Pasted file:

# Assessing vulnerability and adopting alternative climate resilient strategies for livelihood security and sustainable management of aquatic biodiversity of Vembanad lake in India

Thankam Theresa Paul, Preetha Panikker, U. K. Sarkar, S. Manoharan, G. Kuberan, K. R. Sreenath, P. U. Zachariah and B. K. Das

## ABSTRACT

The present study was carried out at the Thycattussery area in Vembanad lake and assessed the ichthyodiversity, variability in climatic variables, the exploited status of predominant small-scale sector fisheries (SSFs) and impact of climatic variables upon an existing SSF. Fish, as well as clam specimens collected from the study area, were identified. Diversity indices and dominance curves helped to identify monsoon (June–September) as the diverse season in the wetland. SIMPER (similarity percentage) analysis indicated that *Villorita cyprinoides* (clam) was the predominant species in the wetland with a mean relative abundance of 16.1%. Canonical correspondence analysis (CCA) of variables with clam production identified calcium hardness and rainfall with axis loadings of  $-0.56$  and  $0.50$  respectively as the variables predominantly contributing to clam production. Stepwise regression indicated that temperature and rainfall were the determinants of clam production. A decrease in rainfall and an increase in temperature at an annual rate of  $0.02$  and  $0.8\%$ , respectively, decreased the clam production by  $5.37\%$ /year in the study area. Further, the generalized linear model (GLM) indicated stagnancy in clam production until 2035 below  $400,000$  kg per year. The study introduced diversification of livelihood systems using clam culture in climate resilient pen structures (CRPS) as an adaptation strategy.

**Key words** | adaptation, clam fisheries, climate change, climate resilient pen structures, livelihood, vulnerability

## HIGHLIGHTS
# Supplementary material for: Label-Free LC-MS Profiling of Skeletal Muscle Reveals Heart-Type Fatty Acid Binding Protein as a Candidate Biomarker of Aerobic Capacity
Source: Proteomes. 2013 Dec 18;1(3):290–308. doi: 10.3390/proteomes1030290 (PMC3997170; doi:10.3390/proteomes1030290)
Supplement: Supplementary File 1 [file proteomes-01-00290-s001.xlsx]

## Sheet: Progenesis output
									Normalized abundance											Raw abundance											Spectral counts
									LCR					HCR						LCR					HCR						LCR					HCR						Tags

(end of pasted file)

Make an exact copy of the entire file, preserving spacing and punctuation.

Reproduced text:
# Assessing vulnerability and adopting alternative climate resilient strategies for livelihood security and sustainable management of aquatic biodiversity of Vembanad lake in India

Thankam Theresa Paul, Preetha Panikker, U. K. Sarkar, S. Manoharan, G. Kuberan, K. R. Sreenath, P. U. Zachariah and B. K. Das

## ABSTRACT

The present study was carried out at the Thycattussery area in Vembanad lake and assessed the ichthyodiversity, variability in climatic variables, the exploited status of predominant small-scale sector fisheries (SSFs) and impact of climatic variables upon an existing SSF. Fish, as well as clam specimens collected from the study area, were identified. Diversity indices and dominance curves helped to identify monsoon (June–September) as the diverse season in the wetland. SIMPER (similarity percentage) analysis indicated that *Villorita cyprinoides* (clam) was the predominant species in the wetland with a mean relative abundance of 16.1%. Canonical correspondence analysis (CCA) of variables with clam production identified calcium hardness and rainfall with axis loadings of  $-0.56$  and  $0.50$  respectively as the variables predominantly contributing to clam production. Stepwise regression indicated that temperature and rainfall were the determinants of clam production. A decrease in rainfall and an increase in temperature at an annual rate of  $0.02$  and  $0.8\%$ , respectively, decreased the clam production by  $5.37\%$ /year in the study area. Further, the generalized linear model (GLM) indicated stagnancy in clam production until 2035 below  $400,000$  kg per year. The study introduced diversification of livelihood systems using clam culture in climate resilient pen structures (CRPS) as an adaptation strategy.

**Key words** | adaptation, clam fisheries, climate change, climate resilient pen structures, livelihood, vulnerability

## HIGHLIGHTS
# Supplementary material for: Label-Free LC-MS Profiling of Skeletal Muscle Reveals Heart-Type Fatty Acid Binding Protein as a Candidate Biomarker of Aerobic Capacity
Source: Proteomes. 2013 Dec 18;1(3):290–308. doi: 10.3390/proteomes1030290 (PMC3997170; doi:10.3390/proteomes1030290)
Supplement: Supplementary File 1 [file proteomes-01-00290-s001.xlsx]

## Sheet: Progenesis output
									Normalized abundance											Raw abundance											Spectral counts
									LCR					HCR						LCR					HCR						LCR					HCR						Tags